The chart below provides examples of how the global trading system can through continued dialogue between governments and the private sector put trade to the service of climate action.
The report includes a jointly-authored foreword by the World Trade Organization (WTO) Director General Ngozi Okonjo-Iweala and the United Nations Framework Convention on Climate Change (UNFCCC) Executive Secretary welcoming the insights from business. Major intergovernmental meetings will be held under both organisations in the last quarter of this year.
Business can take steps to encourage alignment of trade rules with climate action. The Forum is today launching a two-year work programme – titled Climate Trade Zero – to support public and private exchange on these issues as part of building a more sustainable trading system.
Many companies also recognized that the transition is taking place at different speeds and levels of intensity across countries and sectors. Interviewees highlighted the importance of providing support and incentives to developing countries, and to supply chain partners in developing countries, to undertake the investments necessary to reduce their emissions.
Appliance standards and labelling is highly effective at reducing energy use
Policies that introduce minimum efficiency performance standards and energy-consumption labelling on appliances and equipment have led to reduced power consumption, lower carbon emissions, and cost savings for consumers, according to analysis published today by the IEA and the 4E Technology Collaboration Programme (4E TCP).
The report’s findings are drawn from nearly 400 evaluation studies covering 100 countries, including those with the longest running and strongest appliance policies, such as China, European Union, Japan and the United States.
“The findings from the study are important as they provide evidence that standards and labelling are highly effective policy instruments that bring benefits to consumers as well as lower emissions and lower energy demand,” said Brian Motherway, the Head of Energy Efficiency at the IEA.
The study shows the policies have had significant positive impacts:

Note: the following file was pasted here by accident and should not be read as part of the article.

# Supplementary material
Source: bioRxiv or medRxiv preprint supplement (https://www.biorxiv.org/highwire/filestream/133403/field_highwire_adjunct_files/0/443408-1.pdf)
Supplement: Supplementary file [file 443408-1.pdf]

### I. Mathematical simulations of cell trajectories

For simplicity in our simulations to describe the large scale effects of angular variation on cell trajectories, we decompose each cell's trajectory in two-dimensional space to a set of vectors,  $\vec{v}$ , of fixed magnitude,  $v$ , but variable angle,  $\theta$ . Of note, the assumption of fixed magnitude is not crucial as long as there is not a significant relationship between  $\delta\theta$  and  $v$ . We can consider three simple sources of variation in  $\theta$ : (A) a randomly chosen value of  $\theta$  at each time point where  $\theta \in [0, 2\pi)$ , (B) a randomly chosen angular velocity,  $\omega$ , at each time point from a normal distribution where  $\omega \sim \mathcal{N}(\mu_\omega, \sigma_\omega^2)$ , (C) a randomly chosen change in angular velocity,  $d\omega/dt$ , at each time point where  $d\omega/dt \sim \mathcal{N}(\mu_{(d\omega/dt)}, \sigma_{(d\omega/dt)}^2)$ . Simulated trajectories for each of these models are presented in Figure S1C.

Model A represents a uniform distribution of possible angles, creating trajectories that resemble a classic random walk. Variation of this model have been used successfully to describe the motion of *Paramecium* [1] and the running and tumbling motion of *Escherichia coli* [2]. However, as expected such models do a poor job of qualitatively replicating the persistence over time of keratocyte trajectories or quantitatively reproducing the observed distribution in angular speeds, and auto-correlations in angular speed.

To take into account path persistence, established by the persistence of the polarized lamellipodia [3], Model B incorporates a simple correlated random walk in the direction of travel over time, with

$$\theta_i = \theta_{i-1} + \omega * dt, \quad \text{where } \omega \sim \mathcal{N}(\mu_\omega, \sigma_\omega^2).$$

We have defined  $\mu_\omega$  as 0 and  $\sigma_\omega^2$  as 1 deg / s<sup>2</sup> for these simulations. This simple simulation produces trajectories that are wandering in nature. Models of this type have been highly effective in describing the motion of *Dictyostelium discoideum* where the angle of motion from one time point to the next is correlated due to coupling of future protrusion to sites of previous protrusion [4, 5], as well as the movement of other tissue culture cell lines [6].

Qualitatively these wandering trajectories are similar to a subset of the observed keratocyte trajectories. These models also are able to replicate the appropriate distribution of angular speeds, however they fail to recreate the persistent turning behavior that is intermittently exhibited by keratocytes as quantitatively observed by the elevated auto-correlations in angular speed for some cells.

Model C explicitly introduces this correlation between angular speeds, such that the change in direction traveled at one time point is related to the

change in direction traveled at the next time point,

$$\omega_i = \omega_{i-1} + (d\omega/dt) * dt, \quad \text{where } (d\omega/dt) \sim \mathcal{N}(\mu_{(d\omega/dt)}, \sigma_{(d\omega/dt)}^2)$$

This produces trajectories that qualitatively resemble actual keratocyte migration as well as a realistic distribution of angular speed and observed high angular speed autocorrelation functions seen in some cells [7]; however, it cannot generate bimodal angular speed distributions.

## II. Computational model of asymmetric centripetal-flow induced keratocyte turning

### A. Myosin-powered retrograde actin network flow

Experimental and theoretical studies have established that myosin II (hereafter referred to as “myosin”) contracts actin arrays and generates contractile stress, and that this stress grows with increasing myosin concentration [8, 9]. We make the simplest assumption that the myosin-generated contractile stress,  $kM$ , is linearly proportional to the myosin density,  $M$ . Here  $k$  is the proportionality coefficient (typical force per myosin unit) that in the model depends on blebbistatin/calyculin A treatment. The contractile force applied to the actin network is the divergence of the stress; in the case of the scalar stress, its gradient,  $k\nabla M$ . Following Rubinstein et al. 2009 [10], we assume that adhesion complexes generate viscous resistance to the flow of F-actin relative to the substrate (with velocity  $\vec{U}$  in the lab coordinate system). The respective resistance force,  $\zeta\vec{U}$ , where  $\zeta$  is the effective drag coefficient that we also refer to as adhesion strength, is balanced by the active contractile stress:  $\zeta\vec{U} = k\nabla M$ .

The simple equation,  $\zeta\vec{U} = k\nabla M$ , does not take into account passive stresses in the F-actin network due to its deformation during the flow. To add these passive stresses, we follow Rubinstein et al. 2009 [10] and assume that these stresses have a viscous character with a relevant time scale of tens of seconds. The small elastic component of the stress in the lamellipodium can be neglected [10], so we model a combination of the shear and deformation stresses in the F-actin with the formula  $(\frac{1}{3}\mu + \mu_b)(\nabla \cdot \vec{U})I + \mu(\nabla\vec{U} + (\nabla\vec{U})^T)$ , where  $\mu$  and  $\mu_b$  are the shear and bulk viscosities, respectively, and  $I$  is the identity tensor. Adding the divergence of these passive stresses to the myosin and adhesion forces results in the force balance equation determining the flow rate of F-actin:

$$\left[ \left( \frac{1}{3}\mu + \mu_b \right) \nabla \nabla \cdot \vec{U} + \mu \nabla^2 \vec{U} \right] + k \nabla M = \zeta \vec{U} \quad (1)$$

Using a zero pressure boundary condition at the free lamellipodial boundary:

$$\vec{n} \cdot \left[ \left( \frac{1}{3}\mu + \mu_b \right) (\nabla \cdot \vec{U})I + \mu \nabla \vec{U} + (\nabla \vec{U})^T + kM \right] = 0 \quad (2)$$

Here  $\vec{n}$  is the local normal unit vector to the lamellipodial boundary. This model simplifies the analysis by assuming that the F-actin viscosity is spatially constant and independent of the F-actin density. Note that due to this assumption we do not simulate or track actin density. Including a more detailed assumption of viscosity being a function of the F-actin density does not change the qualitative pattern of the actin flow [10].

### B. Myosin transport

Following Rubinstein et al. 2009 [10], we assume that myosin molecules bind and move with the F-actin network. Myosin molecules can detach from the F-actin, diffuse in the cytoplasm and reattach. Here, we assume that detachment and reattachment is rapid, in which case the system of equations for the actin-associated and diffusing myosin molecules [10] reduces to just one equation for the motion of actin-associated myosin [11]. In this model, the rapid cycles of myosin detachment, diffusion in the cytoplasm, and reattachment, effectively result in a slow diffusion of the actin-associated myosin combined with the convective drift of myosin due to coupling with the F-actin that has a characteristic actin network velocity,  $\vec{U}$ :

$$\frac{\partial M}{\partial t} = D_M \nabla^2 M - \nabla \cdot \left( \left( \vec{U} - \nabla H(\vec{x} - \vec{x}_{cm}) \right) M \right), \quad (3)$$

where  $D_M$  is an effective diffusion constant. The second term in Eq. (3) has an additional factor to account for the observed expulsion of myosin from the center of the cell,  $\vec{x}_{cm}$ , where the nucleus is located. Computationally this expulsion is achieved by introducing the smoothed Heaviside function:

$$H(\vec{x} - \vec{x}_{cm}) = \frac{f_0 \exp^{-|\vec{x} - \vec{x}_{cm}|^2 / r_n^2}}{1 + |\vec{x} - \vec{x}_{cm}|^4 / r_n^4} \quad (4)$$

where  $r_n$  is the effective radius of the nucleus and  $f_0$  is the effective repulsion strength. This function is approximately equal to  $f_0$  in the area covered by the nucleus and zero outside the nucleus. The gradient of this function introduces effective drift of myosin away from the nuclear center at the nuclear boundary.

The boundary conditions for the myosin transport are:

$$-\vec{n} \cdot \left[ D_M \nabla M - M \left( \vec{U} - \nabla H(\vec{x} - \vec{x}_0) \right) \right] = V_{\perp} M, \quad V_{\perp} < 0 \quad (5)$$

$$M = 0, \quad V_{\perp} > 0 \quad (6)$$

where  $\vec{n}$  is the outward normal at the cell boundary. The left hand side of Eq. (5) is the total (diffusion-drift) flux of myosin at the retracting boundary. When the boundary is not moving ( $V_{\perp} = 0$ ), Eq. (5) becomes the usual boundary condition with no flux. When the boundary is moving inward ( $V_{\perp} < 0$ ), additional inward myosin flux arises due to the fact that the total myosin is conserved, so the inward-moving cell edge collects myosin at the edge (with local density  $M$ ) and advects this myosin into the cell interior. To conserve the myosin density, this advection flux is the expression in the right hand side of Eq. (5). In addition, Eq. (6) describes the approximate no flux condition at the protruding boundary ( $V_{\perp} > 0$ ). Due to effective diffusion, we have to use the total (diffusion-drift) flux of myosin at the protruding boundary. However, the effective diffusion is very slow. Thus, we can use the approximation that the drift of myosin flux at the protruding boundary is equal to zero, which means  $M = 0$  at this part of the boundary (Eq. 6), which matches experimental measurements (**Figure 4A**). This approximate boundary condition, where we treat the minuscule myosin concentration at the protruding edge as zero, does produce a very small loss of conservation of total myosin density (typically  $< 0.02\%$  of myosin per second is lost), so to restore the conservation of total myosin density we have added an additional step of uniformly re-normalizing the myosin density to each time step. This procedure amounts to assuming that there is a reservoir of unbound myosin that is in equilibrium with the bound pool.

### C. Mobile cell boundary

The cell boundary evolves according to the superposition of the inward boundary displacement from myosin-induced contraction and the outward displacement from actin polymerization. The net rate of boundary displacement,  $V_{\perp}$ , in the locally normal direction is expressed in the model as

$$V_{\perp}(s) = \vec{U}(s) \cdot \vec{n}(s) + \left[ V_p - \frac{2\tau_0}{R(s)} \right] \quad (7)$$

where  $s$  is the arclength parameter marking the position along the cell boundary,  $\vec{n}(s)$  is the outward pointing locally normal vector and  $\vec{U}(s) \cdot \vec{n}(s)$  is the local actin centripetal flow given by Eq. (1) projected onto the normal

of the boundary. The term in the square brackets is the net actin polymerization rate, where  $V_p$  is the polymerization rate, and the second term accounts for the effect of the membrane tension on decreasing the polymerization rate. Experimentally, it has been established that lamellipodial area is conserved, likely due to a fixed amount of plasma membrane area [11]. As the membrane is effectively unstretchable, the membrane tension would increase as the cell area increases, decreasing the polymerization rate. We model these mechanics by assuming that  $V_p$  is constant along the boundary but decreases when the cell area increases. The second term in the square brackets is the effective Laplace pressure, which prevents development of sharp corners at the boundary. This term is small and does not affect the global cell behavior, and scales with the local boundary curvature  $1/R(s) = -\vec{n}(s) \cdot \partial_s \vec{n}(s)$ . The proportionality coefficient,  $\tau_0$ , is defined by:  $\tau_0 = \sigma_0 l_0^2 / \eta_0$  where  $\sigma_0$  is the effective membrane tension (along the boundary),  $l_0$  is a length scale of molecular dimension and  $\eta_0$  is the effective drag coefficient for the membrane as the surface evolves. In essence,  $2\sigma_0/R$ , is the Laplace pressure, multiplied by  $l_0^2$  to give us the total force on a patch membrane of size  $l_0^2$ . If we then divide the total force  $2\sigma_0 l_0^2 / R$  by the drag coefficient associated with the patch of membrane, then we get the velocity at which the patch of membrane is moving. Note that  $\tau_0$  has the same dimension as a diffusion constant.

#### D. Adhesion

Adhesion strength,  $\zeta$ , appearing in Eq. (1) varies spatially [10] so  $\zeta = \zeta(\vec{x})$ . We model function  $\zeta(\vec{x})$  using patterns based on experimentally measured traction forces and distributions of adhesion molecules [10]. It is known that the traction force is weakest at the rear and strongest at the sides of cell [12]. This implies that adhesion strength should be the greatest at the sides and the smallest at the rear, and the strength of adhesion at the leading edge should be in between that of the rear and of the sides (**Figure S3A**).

- In countries with long-running policies, appliances are now typically consuming 30% less energy than they would have done otherwise.
- In the nine countries/regions for which data were available, such programmes reduced annual electricity consumption by a total of around 1 580 terawatt-hours in 2018 – similar to the total electricity generation of wind and solar energy in those countries.
- The programmes that have been operating the longest, such as those in the United States and the European Union, are estimated to deliver annual reductions of around 15% of their current total national electricity consumption. This percentage increases each year as more of the older, less-efficient stock is replaced with equipment that meets new higher efficiency standards.
- These energy savings represent a significant financial boon for businesses and householders. In the United States alone, utility customers are now economising USD 60 billion each year, or USD 320 per customer.
- Also, the United States, European Union and China together are avoiding annual CO2 emissions of more than 700 million tonnes, equivalent to the total energy-related emissions of Germany.
- Well-designed policies encourage product innovation and lead to economies of scale, which reduces the cost of appliances even without accounting for the efficiency gains. For example, in Australia the sticker price of appliances has typically fallen 40% over the last 20 years, while average energy consumption has fallen by a third.
“The message is simple: expanding standards and energy efficiency labelling programmes makes the energy transition challenge easier, more affordable and become a reality,” said Jamie Hulan, the Chair of the 4E TCP.
The IEA will continue to collaborate with 4E TCP to enhance and promote the use of such policies. 4E TCP is an international platform for fourteen countries and the European Union to exchange technical and policy information focused on increasing the production and trade in efficient end-use equipment.
Ahead of this November’s COP26 Climate Change Conference, the IEA is working with the UK Government via the Super-Efficient Equipment and Appliance Deployment (SEAD) initiative to coordinate and improve international action on product energy efficiency. The United Kingdom is leading the COP26 Product Efficiency Call to Action, which aims to double the efficiency of key global products by 2030, initially focusing on four key energy-consuming products: air conditioners, refrigerators, lighting and industrial motors systems. The IEA is supporting the implementation of this work and helping expand the number of countries ready to make this commitment.
Global economy projected to show fastest growth in 50 years